There are a number of options to choose from. Readers can be contact-based, which requires the credential to be swiped or touched by the reader. Or they can be contactless, which only requires a certain proximity or range to communicate. Some readers are self-contained units on a door frame or wall, while others are part of a wireless electronic lock. Biometric readers are also an option. These use unique human characteristics as the credential, such as the size or shape of the hand. The most secure reader options on the market, biometrics are more common in high-security applications, such as data centers, airports, banks and government buildings.

Multi-technology readers, like those offered by Schlage®, are designed to simplify access control. Your customers can transition from magnetic stripe cards to smart cards without changing the entire reader.

Regardless of the type, readers communicate with an access control system to grant or deny access to an opening when a credential is presented. While there are some proprietary reader options that only accept a specific type of credential, it is recommended to choose a technology that can be programmed by multiple companies to provide future flexibility to your clients.

Types of credentials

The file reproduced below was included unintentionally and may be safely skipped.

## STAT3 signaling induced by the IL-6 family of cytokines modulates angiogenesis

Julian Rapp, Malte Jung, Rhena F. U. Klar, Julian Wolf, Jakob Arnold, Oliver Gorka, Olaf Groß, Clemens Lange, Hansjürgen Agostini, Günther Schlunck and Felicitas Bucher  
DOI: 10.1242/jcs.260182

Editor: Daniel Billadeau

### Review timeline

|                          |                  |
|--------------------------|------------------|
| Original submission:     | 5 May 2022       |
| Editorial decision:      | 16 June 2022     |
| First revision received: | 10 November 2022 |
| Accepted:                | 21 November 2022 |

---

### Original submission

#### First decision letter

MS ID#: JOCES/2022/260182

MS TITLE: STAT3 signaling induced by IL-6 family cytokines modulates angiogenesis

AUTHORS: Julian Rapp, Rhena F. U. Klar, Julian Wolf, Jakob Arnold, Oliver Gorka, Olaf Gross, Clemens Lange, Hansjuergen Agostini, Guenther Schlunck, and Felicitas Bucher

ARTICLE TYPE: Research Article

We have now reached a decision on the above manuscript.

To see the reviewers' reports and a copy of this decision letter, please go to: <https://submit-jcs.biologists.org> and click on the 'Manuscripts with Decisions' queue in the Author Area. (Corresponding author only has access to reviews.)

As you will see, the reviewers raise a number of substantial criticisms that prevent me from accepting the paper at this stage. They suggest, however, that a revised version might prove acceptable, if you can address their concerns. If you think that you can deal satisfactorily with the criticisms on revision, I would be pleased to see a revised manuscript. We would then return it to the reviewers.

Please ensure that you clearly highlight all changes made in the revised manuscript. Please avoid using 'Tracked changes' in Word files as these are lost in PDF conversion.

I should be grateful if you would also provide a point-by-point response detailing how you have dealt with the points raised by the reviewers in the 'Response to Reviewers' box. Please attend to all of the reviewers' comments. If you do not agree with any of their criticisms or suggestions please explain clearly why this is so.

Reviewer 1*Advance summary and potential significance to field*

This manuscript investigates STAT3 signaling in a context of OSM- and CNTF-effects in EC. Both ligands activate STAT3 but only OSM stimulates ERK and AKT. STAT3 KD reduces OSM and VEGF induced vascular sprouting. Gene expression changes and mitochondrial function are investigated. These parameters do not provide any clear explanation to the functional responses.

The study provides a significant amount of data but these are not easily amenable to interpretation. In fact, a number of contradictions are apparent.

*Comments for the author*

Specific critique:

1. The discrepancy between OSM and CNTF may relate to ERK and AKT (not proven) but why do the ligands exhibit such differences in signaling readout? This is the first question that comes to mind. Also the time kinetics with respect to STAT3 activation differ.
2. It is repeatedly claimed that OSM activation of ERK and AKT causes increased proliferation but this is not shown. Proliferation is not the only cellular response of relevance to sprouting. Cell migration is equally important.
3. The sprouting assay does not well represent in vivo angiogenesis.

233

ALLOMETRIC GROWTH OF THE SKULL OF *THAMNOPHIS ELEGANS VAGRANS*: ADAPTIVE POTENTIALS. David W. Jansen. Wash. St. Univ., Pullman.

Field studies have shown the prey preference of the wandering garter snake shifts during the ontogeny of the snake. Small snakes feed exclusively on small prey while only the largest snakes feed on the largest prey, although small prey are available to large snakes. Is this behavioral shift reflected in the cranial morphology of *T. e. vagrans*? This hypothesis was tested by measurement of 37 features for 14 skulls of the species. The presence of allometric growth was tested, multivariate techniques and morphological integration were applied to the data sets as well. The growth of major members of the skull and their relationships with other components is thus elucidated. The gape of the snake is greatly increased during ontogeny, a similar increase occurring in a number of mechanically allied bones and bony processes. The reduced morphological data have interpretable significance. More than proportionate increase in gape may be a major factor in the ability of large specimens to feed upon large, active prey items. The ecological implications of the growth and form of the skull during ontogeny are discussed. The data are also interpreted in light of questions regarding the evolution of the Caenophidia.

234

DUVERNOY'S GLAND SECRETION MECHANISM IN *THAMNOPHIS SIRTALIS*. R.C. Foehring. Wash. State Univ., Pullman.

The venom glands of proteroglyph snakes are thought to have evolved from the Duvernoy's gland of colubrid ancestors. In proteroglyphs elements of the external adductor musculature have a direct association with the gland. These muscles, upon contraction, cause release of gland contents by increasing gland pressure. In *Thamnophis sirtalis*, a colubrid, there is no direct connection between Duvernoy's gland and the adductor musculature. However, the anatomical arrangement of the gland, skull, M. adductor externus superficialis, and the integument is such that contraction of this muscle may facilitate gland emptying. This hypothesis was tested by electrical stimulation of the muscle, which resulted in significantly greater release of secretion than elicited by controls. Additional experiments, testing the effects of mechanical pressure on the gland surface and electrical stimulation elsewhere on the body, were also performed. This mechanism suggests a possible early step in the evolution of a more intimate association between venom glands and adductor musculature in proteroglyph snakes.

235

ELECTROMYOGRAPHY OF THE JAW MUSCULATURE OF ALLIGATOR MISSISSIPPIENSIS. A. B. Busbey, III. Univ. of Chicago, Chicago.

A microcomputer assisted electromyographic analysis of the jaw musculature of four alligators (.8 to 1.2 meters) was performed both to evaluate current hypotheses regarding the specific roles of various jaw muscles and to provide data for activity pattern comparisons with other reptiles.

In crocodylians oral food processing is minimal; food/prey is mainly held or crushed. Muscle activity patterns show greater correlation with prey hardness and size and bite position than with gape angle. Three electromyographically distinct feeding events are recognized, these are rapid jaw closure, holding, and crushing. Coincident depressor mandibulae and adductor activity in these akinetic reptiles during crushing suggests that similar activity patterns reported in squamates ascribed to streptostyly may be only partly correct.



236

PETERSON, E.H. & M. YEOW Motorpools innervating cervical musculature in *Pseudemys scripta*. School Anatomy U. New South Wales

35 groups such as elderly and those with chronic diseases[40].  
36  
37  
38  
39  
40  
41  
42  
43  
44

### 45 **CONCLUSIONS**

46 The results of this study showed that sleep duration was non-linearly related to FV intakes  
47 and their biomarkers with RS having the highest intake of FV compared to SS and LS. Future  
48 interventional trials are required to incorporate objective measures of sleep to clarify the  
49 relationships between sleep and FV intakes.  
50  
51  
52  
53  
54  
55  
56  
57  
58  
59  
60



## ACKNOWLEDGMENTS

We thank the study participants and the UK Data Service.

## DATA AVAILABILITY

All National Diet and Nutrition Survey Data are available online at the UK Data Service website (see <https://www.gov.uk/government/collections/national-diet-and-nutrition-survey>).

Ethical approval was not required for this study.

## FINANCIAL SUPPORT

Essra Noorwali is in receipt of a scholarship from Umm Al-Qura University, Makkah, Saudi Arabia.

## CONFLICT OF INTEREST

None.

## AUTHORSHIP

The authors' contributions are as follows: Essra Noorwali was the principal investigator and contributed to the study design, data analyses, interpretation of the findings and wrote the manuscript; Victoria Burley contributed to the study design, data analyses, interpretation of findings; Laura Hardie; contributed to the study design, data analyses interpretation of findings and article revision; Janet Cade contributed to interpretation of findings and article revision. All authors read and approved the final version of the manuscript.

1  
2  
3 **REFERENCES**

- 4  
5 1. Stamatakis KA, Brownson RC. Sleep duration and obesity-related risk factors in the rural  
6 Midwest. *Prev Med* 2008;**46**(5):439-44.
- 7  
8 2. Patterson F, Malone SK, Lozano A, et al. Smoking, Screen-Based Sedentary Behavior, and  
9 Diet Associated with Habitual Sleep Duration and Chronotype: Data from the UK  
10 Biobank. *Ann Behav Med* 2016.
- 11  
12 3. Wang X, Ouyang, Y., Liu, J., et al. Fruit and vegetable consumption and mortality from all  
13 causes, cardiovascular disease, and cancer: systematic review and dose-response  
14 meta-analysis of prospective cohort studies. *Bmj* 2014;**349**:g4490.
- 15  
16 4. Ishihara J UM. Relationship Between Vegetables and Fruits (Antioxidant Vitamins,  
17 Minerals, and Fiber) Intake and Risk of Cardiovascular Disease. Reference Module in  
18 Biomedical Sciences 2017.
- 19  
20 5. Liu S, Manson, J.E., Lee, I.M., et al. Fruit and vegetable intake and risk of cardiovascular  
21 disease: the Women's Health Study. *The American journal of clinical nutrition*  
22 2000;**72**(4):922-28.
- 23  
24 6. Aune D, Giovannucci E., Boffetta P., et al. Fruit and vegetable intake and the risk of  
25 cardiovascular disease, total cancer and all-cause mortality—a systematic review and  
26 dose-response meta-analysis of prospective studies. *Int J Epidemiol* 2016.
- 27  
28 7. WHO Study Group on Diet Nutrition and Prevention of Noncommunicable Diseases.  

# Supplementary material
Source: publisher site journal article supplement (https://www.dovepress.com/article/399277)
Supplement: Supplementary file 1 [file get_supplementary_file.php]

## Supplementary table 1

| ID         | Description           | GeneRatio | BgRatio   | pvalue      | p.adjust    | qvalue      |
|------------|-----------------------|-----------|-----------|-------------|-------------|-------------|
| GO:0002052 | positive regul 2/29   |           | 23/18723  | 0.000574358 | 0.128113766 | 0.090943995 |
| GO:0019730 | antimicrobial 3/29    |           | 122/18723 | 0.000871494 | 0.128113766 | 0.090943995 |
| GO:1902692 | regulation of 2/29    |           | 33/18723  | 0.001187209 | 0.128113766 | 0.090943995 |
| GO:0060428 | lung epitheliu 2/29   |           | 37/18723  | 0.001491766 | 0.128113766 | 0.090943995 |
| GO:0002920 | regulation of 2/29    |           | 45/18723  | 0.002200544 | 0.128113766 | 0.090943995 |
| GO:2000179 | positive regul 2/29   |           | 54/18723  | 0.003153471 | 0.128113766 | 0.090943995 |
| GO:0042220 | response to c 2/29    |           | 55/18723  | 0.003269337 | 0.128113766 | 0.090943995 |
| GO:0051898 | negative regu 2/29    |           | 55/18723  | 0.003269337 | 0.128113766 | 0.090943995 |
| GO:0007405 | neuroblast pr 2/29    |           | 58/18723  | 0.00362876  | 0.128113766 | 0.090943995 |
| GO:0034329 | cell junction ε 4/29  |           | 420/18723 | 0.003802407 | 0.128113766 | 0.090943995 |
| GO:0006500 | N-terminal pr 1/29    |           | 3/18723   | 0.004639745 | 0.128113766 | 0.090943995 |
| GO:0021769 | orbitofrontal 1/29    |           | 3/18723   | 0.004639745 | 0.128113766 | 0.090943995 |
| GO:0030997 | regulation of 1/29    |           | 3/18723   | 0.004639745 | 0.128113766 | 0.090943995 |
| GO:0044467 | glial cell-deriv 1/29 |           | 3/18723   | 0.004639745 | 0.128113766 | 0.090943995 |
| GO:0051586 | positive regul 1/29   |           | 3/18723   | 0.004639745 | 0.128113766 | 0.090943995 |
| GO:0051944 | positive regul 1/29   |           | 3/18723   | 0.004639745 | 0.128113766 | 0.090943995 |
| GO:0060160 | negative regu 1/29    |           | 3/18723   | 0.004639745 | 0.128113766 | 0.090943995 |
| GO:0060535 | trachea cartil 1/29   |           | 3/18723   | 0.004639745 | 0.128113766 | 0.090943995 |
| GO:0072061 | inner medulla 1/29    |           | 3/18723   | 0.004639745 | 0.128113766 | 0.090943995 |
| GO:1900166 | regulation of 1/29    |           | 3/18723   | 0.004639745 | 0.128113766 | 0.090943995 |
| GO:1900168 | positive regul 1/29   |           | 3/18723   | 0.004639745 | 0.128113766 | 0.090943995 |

Mag (magnetic) stripe

  • Card credential must be swiped through a reader
  • Limited encryption, which is more susceptible to duplication
  • One-way communication only, making duplication possible

Proximity

  • Contactless card that doesn’t require physical contact with the reader
  • May be read from within a few inches of the reader depending on the reader and card
  • Storage limited to card number alone
  • Limited security, duplication possible

Smart technology

  • Most secure option
  • Advanced data encryption makes duplication nearly impossible
  • Two-way communication between the card and reader provides mutual authentication
  • Multiple sectors on the card allow for storage beyond access control, including data storage and cashless vending

Mobile credentials

  • Based on encrypted smart card technology, using phones as credentials
  • “Green” option eliminates the need to replace cards or issue new ones
  • Increased use of smartphones and apps makes them more common

Early planning is essential

Customers expect the conveniences readers and credentials offer, so it’s important to recognize when and where they should be used to complement mechanical solutions, and which ones to choose. It’s best to start planning for access control early. It is critical that the various details for the electronic access control system are detailed and communicated so the correct product and credential programming can be ordered for quick installation and ease of use. Include all of the key stakeholders, such as the hardware consultant, security consultant, integrator, electrical engineer and building owner.

Keep in mind that access control solutions directly impact door specifications. Bring in an expert who is familiar with the mechanics of a door, including fire and life safety building codes. Allegion hardware consultants are available to help choose the best access control solutions for your project.

Allegion has a team of more than 150 specification writers located around the world who would be happy to assist on your next project. Contact an Allegion specification writer, or check out the iDig Hardware blog for information and updates on door hardware codes.

Find these back-to-basics articles interesting?

SHARE